A pilot study underway at the University of Alberta, Canada, is using small implants filled with stem cells to regulate insulin in a handful of diabetic patients — a technology that, if proven effective, could replace injections. Five patients from Edmonton, Alberta, are among 17 others involved in the trial, which is the world’s first experiment of the innovative new treatment.
And while the research is in its initial stages, one doctor involved in the research calls the early indicators ‘terribly exciting’, adding, “So far it’s been very safe and it looks like it’s working the way we hoped it would,” said British-born doctor James Shapiro, Director of the Clinical Islet Transplant Program at the University of Alberta.
The testing and injection routine — alongside dietary restrictions – that people with diabetes live with daily can be complicated and worrisome, which is why many patients are excited about the prospect of a self-releasing insulin implant. The innovative new treatment involves implanting small plastic pouches filled with millions of insulin-producing cells under a patient’s skin. Blood vessels then grow around the implants, allowing the stem cells inside the pouch to release the necessary dose of insulin based on the patient’s blood sugar levels.
The technology has already proved effective on lab mice. Doctors are now testing whether the method is safe for humans. For one Edmonton man involved in the study, the method offers hope. Chris Townsend, 38, says he watches his sugar levels and needs daily insulin injections and blood tests.Townsend had eight of the plastic pouches implanted under his arms and abdomen at the University of Alberta Hospital in early March.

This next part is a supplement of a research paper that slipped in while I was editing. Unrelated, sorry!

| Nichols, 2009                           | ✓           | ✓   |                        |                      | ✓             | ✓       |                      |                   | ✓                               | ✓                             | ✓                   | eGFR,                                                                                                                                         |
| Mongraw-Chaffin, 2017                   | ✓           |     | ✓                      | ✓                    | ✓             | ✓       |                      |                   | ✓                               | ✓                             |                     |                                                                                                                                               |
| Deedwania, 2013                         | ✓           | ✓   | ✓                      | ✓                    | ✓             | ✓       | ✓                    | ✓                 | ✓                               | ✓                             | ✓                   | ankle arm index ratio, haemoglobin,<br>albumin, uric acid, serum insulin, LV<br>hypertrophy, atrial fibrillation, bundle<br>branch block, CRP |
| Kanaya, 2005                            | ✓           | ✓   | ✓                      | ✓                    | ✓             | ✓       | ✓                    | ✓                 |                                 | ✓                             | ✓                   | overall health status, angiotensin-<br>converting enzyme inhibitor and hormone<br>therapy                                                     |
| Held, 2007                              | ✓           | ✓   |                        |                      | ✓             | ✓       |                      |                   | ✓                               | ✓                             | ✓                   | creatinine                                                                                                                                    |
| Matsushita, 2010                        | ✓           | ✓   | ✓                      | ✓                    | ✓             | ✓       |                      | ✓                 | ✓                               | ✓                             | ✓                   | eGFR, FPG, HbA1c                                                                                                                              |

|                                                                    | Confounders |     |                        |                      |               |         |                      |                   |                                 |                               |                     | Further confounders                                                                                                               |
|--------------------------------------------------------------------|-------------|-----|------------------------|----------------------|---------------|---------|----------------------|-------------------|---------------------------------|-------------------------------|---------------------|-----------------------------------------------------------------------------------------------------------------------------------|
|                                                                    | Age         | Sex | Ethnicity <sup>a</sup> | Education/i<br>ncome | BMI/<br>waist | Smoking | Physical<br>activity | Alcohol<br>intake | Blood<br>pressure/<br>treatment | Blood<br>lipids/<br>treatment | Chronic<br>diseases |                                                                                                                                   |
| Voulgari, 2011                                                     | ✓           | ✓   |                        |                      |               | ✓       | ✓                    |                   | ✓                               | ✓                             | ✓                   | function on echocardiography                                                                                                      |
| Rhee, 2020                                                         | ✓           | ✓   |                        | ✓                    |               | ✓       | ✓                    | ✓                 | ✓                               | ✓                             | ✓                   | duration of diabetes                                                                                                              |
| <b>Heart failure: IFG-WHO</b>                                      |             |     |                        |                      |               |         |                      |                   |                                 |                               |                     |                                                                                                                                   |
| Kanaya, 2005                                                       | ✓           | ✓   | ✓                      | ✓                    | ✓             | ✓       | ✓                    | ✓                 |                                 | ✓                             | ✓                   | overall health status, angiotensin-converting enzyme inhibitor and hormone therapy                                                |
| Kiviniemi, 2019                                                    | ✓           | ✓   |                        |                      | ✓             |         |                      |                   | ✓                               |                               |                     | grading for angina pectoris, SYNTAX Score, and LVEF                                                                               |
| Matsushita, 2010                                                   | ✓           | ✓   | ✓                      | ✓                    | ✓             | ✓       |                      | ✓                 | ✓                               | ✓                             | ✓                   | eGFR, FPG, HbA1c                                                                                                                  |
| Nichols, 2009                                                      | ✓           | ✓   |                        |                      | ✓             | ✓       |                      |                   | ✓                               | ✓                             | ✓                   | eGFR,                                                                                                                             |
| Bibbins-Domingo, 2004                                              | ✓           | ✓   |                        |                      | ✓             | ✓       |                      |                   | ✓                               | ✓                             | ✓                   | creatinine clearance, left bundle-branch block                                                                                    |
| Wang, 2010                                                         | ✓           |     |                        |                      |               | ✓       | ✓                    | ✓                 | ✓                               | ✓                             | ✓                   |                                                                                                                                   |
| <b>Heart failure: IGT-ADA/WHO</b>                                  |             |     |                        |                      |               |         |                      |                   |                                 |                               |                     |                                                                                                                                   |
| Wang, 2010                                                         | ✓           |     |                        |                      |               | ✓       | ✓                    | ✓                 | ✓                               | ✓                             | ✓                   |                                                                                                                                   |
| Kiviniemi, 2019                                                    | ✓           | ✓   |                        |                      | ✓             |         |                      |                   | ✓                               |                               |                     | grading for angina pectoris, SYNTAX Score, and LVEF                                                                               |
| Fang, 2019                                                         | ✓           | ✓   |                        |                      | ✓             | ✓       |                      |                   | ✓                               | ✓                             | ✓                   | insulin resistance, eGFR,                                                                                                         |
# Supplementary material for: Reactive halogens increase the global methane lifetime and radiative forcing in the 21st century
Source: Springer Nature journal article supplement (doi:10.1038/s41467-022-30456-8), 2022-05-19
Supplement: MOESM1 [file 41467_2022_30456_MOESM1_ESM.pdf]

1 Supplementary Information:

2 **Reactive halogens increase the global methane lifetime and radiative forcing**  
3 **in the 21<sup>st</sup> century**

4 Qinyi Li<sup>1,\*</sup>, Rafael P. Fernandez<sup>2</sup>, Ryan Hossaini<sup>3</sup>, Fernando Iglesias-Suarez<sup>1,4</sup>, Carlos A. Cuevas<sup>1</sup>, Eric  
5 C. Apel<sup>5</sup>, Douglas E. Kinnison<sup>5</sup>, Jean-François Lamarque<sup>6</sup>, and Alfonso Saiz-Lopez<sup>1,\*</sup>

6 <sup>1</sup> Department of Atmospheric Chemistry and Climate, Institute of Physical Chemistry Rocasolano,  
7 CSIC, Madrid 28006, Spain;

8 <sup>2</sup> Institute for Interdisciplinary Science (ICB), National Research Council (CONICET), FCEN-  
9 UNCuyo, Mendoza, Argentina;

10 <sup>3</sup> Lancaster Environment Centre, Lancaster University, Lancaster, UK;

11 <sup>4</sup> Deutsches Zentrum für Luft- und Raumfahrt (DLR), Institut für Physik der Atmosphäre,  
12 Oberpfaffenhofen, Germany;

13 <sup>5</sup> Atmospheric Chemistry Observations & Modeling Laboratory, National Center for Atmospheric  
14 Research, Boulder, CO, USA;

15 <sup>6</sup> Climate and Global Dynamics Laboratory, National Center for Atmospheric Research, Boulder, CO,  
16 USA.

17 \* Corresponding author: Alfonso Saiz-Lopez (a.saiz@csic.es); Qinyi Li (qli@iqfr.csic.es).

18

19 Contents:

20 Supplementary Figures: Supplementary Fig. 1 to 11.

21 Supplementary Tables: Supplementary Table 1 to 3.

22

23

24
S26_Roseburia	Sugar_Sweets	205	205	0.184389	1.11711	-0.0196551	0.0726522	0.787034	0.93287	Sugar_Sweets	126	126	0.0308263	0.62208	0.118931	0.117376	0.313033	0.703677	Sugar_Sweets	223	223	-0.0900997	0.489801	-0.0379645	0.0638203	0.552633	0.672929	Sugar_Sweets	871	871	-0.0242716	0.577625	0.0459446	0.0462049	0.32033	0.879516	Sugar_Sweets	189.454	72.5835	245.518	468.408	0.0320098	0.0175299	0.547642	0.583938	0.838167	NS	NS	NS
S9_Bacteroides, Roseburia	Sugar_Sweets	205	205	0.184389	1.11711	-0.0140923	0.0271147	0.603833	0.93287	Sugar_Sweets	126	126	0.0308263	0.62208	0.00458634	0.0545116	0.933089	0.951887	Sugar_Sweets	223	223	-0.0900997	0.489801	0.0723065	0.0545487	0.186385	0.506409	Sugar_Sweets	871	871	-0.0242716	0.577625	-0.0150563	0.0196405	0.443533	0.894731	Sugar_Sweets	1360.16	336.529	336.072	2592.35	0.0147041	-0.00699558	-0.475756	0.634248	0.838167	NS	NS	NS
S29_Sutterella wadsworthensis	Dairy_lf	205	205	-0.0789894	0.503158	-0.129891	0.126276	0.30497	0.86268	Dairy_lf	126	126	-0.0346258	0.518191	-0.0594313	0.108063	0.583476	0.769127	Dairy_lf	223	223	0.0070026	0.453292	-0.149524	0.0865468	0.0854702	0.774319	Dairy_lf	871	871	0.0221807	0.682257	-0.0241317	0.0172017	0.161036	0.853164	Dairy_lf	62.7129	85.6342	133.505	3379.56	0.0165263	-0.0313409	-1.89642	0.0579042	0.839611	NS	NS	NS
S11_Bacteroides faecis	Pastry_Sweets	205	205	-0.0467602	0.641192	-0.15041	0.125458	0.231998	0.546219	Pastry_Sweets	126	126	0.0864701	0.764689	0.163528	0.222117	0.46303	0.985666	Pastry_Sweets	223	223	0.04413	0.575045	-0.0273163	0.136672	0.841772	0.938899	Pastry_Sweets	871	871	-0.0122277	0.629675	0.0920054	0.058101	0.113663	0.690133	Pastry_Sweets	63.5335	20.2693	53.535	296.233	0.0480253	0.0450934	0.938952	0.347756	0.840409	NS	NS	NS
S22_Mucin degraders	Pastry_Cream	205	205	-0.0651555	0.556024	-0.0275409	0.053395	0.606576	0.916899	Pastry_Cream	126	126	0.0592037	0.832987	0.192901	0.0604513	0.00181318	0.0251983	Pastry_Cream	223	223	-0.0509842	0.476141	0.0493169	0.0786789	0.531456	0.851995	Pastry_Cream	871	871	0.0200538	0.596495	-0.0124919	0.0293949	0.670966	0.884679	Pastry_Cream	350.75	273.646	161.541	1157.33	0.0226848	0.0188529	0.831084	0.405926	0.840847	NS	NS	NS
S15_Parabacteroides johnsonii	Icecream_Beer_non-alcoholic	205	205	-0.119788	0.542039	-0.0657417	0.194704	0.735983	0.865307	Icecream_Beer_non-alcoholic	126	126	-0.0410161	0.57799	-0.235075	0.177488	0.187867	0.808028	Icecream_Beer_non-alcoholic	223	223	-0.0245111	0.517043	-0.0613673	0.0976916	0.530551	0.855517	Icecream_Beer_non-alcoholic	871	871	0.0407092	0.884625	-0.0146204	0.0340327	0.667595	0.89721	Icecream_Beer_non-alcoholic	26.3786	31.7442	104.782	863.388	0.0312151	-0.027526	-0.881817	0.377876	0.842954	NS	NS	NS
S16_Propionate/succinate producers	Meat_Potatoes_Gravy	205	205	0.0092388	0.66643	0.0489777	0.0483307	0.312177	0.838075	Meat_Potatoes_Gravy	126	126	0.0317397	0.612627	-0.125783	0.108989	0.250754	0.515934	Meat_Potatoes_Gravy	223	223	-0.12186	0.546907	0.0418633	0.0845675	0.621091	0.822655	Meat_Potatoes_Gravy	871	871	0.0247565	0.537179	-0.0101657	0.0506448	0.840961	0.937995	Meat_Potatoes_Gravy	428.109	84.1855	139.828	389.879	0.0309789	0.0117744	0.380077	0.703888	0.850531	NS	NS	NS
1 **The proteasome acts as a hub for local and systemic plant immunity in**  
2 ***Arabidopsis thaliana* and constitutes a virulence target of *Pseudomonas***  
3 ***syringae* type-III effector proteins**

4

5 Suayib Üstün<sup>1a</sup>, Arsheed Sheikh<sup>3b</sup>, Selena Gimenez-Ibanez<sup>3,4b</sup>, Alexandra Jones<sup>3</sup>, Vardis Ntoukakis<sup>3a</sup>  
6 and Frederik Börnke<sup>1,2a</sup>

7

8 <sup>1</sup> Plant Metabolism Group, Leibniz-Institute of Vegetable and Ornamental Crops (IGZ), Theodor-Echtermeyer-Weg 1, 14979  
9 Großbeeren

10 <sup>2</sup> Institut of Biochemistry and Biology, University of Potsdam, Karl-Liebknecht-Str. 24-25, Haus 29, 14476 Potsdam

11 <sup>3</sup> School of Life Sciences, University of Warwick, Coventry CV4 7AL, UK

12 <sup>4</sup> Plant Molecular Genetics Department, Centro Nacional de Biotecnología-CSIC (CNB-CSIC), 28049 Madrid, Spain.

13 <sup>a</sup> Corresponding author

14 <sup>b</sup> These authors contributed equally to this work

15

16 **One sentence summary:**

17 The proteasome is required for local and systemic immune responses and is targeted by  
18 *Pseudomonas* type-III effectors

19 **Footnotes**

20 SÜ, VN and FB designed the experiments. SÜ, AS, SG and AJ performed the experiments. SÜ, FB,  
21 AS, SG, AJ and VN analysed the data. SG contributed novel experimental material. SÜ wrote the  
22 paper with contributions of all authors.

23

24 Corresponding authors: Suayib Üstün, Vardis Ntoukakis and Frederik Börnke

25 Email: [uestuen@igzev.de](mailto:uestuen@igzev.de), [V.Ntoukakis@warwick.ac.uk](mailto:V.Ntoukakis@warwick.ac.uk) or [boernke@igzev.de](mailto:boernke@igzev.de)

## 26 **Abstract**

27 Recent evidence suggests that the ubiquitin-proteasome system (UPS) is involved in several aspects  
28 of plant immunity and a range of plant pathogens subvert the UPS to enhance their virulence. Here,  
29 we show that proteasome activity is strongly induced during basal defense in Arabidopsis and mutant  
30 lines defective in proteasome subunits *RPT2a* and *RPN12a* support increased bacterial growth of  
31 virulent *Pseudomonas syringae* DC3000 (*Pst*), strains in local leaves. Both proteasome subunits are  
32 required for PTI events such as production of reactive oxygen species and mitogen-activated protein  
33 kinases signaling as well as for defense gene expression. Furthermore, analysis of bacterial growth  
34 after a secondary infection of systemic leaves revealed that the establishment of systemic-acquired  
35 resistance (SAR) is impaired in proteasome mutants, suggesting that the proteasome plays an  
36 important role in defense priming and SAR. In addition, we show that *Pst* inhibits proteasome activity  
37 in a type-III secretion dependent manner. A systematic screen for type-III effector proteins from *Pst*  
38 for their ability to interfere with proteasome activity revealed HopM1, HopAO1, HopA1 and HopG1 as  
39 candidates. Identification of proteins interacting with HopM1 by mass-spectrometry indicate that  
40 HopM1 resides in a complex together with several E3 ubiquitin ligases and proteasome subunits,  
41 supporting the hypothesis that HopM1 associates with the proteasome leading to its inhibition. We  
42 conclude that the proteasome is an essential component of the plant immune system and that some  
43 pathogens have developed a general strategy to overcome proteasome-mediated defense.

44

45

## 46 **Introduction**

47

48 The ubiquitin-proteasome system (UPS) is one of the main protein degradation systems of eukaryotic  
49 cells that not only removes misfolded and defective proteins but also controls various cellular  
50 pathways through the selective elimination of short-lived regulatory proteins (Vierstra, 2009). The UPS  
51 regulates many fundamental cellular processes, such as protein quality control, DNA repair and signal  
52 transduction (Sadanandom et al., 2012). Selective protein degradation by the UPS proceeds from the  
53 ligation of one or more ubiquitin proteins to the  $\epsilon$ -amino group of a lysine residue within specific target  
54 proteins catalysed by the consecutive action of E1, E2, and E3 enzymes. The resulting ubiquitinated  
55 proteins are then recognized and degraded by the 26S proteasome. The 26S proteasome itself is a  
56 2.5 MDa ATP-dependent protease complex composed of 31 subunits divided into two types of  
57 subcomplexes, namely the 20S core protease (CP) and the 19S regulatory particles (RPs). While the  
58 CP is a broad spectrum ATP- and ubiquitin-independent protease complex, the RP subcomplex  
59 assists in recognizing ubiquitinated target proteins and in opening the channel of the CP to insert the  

Early results from the study are expected within the next two years, with doctors aiming to expand the research across North America. The Canadian Diabetes Association (CDA) remains cautiously optimistic about the implant technology. “Many technologies that look very promising in a mouse or a rat model don’t translate to the human sector,” said Jan Hux, chief science officer of the CDA. “So while this is extremely promising, we can’t be sure that this particular membrane and particular cell strain will be the solution.”
Copyright: Graham Slaughter, CTVNews.ca
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